The Brookfield Zoo is a participant in the African Lion Species Survival Plan (S.S.P.) maintained by the Association of Zoos and Aquariums (A.Z.A.).  It was the African Lion S.S.P. that recommended that Brutus and Titus come to the Brookfield Zoo.  An S.S.P. is a program designed to manage and conserve the population of a given animal species in captivity at A.Z.A.-accredited zoos and aquariums in North America.  The S.S.P. for an animal species treats all of the animals in captivity at North American zoos (and/or aquariums) as a single species and strives to maintain genetic diversity within the population. 

North American zoos stopped breeding African lions late in the last century when they came to the realization the African lions were supposedly breeding were actually hybrids that carried the genes of both African lions and Asiatic lions.  The zoos resumed breeding in 1996 after importing African lions of certain bloodlines. 

In the wild, a lion leaves the pride into which he is born in the hope of either taking over another pride or luring lionesses away from another pride to start his own afresh.  It would not be unusual in the wild for a pair of lion brothers to strike out together, so it is not the least bit strange that the Hogle Zoo and Brookfield Zoo, successively, to keep brothers Titus and Brutus together.  Eventually, another zoo or zoos will have to send lionesses to the Brookfield Zoo to be their mates or the Brookfield Zoo will have to send them to another zoo or zoos for the purposes of breeding, at which point the Brookfield Zoo would receive replacement lions from another zoo.

“Each plan manages the species to maintain a healthy and self-sustaining population that is both genetically diverse and demographically stable,” the C.Z.S. stated.  “Some recommendations are for breeding a par.  In other situations, like in Brutus and Titus’s case, there is a need to locate a zoo that is willing to provide a home for an animal(s) until the SSP program makes a breeding recommendation.”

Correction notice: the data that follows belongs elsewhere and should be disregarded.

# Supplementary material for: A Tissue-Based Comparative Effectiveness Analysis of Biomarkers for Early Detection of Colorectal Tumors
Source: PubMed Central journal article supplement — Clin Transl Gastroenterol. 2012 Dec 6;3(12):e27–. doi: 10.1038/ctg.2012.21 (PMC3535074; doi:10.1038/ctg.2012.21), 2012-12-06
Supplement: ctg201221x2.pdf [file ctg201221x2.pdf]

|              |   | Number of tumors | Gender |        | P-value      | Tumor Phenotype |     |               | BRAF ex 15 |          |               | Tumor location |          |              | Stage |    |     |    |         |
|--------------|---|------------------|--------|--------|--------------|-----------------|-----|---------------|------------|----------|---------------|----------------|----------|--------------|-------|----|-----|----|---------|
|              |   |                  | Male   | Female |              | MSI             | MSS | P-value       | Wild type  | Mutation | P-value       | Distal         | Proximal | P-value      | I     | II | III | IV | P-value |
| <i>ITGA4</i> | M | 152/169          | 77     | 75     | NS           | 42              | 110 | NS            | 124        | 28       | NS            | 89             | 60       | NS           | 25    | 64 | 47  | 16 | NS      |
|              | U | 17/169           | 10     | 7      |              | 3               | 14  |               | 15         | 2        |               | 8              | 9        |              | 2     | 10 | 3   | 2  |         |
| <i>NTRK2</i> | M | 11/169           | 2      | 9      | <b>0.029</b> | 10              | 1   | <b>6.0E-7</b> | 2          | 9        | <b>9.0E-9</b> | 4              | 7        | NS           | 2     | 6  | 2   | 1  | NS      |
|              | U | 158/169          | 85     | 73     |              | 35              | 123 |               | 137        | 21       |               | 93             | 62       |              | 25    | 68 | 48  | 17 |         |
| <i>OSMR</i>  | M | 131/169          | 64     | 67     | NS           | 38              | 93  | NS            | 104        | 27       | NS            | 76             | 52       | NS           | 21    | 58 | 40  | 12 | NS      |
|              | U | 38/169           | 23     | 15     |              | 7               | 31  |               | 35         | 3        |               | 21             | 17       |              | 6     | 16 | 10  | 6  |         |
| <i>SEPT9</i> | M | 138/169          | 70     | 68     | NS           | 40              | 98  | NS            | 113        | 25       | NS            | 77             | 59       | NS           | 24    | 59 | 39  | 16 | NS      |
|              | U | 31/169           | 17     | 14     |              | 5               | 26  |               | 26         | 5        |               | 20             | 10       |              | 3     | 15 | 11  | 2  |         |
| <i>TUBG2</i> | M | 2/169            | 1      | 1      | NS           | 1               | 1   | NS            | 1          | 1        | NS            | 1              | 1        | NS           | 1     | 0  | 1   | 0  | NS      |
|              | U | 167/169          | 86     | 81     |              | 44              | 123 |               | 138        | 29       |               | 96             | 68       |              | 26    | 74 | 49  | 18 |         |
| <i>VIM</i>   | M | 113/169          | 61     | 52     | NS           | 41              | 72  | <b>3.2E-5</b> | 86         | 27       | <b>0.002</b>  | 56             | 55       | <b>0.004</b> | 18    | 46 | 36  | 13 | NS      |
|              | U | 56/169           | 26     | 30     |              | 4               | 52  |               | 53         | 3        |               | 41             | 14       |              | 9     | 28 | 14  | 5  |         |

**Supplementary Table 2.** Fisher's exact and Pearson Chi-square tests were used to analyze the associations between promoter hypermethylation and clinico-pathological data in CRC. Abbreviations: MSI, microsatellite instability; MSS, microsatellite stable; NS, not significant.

If one would like to help pay for Brookfield Zoo’s care of Brutus and Titus, one can contribute to the Animal Adoption program.  Two options are available.  For $35, a recipient receives the Basic Package, which includes 5” x 7” color photograph of either Brutus or Titus, a personalized “certificate of adoption,” a fact sheet on African lions, an “Animal Adoption program decal,” and an invitation to annual “Animal Adoption Evening” (for which a ticket purchase is necessary).  The $60 Plush Package includes all of the benefits of the Basic Package, plus an 8” plush lion stuffed animal, and four tickets to the annual “Animal Adoption Evening.”  To purchase one of the packages, click here.

African lions are listed as “vulnerable” according to the International Union for the Conservation of Nature’s Red List.  The population in the wild continues to decline primarily due to hunting; loss of habitat due to residential, commercial and agricultural development; and the so-called “bushmeat trade.” 

Further, the C.Z.S. explicated, “according to the Species Survival Commission, one of the latest threats is the rising demand by traditional Asian medicine.  With the decline in tiger populations, the illegal trade for bones and body parts is shifting to lions as an alternative.” 

Somewhere between 20,000 and 30,000 lions remain in the wild.  Over half of them reside in eleven key populations in protected area.

The Chicago Zoological Society (C.Z.S.) is a private, non-profit organization that operates Brookfield Zoo on land owned by the Forest Preserve District of Cook County.  Founded in 1920 and chartered in 1921, the C.Z.S. brought to life the vision of Edith Rockefeller McCormick (1872-1932) to give Chicago a zoo without bars modeled on the Tierpark Hagenbeck, known in English as the Hagenbeck Animal Park, a privately-owned zoo in Hamburg founded in 1907 by Carl Hagenback, Junior (1844-1913).  The Brookfield Zoo opened in 1934, during the second year of Chicago’s second World’s Fair, A Century of Progress International Exposition (1933-34).